Why Citydesert?

After five years – more or less and with great variation in frequency of early postings – it seems like a good time to consider why this blog exists.

Citydesert seeks to offer material on “the Desert Tradition”, especially for those living modern lives in cities. It seeks specifically to provide:
1. Insights and commentaries on the basic principles of the eremitical life (for example: solitude, silence, sufficiency) from ancient and (particularly) modern sources. The eremitical life is popularly assumed to be within the field of Christian archaeology, religious psychopathology or general weirdness (often, more politely, called “eccentricity”). But Hermits are not archaeological specimens or relics of the past, or case studies in psychopathology (although examples of all these can be found!). Modern research into and studies of and commentaries on the basic principles of the eremitical life (although those writing such studies and commentaries would not necessarily recognise the connection) provide valuable insights into and assist in understanding the value of the life of the Hermit: self-sufficiency, voluntary solitude, simple living, minimalism….. To some extent, modern research can be said to be re-discovering eremitical values. The ancient principles of the eremitical life are now often being regarded as the remarkable discoveries of modern living!
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2. Accounts of modern Hermits (including urban Hermits) to show how the eremitical life can be and is lived today. This will, I hope, encourage those who feel alone (and possibly “odd”) to realise that a community exists, albeit informal and unknown and unrecognised, of their brothers and sisters in the eremitical life. Some of us have been fortunate to make contact with our brothers and sisters as sources of encouragement and insight.
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3. Accounts of the lives of the traditional Hermits, especially those in the deserts of the Middle East. Less attention is given to this subject since substantial resources, in print and on-line, are available. But attention will be given to less well known aspects of the ancient eremitical life: like diet, dress and liturgical practice.
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Those of us who strive to live the eremitical life today – whether in cities or semi-urban locations, in rural or remote places, in the traditional deserts (whether of sand or snow), or anywhere else – are part of a living, continuous tradition that has, throughout the centuries, waxed and waned, but never been lost. It is not a tradition based upon a continuing community (as is the coenobitic monastic life or the semi-eremitical life within communities of hermits), or formal links. As in ancient times, most modern Hermits find their individual callings alone and, often, in isolation. The original Hermits set off to explore the unknown, unregulated, unmapped, more or less chaotic life of “the Desert”; so do we.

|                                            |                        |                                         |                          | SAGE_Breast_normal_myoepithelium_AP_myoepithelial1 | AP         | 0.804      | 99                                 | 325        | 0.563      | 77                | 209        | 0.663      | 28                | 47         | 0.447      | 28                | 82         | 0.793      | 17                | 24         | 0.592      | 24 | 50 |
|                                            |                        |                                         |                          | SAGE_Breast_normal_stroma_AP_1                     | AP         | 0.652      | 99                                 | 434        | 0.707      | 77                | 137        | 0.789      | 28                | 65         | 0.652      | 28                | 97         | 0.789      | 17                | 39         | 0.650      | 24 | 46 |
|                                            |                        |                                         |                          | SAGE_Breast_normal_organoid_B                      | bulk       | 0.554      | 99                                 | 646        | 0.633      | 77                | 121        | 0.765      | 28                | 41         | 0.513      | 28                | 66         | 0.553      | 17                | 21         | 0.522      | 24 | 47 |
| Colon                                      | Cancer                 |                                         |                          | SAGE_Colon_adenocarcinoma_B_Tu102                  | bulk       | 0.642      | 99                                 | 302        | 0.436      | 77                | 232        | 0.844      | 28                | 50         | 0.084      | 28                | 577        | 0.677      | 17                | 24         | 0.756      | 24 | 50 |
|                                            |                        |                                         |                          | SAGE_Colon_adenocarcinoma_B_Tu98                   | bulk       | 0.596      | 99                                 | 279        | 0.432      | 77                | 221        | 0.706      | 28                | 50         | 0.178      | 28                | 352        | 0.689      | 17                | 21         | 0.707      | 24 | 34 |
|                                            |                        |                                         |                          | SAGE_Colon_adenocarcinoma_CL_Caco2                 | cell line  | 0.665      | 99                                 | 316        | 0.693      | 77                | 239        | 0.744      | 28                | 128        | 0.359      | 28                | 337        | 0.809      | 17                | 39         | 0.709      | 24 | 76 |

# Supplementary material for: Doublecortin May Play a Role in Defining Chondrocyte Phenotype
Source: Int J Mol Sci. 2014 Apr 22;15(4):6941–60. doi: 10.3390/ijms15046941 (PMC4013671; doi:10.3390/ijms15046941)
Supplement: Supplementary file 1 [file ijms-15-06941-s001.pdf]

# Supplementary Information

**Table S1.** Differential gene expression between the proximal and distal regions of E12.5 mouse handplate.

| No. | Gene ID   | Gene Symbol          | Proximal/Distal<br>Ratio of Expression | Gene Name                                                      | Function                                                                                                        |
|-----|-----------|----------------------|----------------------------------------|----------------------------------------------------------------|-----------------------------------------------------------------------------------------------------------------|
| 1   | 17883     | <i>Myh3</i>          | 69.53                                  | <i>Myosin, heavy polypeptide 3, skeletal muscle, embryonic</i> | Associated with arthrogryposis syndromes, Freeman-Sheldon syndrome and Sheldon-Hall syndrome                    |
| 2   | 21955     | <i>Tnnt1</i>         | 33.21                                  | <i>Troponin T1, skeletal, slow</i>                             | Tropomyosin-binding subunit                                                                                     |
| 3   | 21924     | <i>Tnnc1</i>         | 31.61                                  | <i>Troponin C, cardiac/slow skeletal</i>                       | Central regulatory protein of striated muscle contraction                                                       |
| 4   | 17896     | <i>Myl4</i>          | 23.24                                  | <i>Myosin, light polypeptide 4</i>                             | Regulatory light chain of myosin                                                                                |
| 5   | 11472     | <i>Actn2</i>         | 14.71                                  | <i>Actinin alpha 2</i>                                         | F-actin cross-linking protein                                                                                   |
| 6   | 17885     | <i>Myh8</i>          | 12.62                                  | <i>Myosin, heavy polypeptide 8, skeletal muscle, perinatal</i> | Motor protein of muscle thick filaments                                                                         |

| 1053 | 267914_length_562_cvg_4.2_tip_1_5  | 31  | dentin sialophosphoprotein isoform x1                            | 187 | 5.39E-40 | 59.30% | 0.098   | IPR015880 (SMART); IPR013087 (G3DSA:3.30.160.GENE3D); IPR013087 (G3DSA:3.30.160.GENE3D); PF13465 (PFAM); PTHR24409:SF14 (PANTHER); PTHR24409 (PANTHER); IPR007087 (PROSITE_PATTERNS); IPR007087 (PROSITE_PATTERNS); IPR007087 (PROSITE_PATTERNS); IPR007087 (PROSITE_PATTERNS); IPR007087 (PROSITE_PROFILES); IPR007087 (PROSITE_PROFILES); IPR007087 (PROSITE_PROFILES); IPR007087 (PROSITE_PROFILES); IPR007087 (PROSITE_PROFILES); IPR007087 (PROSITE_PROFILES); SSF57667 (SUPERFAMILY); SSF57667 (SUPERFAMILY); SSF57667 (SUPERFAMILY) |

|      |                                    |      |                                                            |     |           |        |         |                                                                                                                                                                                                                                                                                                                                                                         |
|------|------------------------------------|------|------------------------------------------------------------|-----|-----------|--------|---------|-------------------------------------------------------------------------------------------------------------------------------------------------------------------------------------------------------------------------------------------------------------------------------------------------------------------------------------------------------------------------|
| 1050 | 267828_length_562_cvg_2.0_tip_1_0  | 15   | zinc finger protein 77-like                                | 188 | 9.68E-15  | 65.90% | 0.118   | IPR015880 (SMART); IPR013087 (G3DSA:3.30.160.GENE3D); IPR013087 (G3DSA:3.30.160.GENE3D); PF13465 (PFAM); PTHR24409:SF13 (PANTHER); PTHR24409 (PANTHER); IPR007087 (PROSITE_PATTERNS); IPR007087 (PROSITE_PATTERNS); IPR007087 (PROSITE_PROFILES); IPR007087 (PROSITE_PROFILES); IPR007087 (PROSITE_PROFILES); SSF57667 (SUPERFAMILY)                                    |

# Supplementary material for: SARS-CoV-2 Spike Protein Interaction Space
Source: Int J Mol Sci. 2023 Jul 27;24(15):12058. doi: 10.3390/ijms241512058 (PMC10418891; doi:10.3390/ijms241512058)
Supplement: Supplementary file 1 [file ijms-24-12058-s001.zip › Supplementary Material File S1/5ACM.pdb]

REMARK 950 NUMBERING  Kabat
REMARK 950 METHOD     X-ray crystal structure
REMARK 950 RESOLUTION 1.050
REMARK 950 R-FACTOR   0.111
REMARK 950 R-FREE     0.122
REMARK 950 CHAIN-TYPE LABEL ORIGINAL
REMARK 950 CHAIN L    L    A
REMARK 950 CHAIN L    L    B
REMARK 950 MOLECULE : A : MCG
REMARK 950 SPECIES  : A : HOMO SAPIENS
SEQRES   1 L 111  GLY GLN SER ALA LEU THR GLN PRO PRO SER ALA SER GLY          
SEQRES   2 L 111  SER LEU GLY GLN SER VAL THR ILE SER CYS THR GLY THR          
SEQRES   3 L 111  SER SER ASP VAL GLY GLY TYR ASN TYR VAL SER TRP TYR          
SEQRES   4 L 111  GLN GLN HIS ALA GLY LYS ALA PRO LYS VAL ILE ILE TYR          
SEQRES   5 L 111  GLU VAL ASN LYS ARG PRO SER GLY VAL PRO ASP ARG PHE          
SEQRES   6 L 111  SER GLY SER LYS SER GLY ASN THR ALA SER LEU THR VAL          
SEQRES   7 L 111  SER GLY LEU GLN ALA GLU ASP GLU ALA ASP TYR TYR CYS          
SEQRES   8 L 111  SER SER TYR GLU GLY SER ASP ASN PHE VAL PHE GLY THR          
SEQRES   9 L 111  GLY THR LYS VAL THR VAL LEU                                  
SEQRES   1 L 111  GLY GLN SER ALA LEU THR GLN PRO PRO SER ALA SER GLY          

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When I began exploring the eremitical life I felt, initially, alone and uninformed. Fortunately, my academic background and my research skills enabled me to, quickly, find resources, many of them invaluable. I want to share what I have found with others.
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Citydesert seeks to offer a resource, inspiration, encouragement, guidelines for research and exploration….. It makes no claim (other than rarely!) to offer original material or unique insights. Most often it is drawing attention to the valuable work of others, some living the eremitical life, some scholars in the field, some writers and journalists. The blog is intended more as a “clearinghouse” than as an original work.
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Citydesert is specifically and explicitly Christian and, indeed, Orthodox. This is not because other traditions of eremiticism are rejected as of lesser or no value, but simply because of the spiritual tradition within which its author lives. The work of such amazing and valuable blogs as Hermitary – http://www.hermitary.com/ – which seeks to cover the wide world of eremiticism is gratefully acknowledged.
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I welcome feedback, both positive and negative, and especially references to material that I should publish (including books, articles, news of modern eremitical professions and other relevant material). This can be sent via the blog or by e-mail: gregory1@pacific.net.au I am happy to answer, as far as I am able, questions about the modern eremitical life, either on the blog (whether anonymised or identified) or privately.

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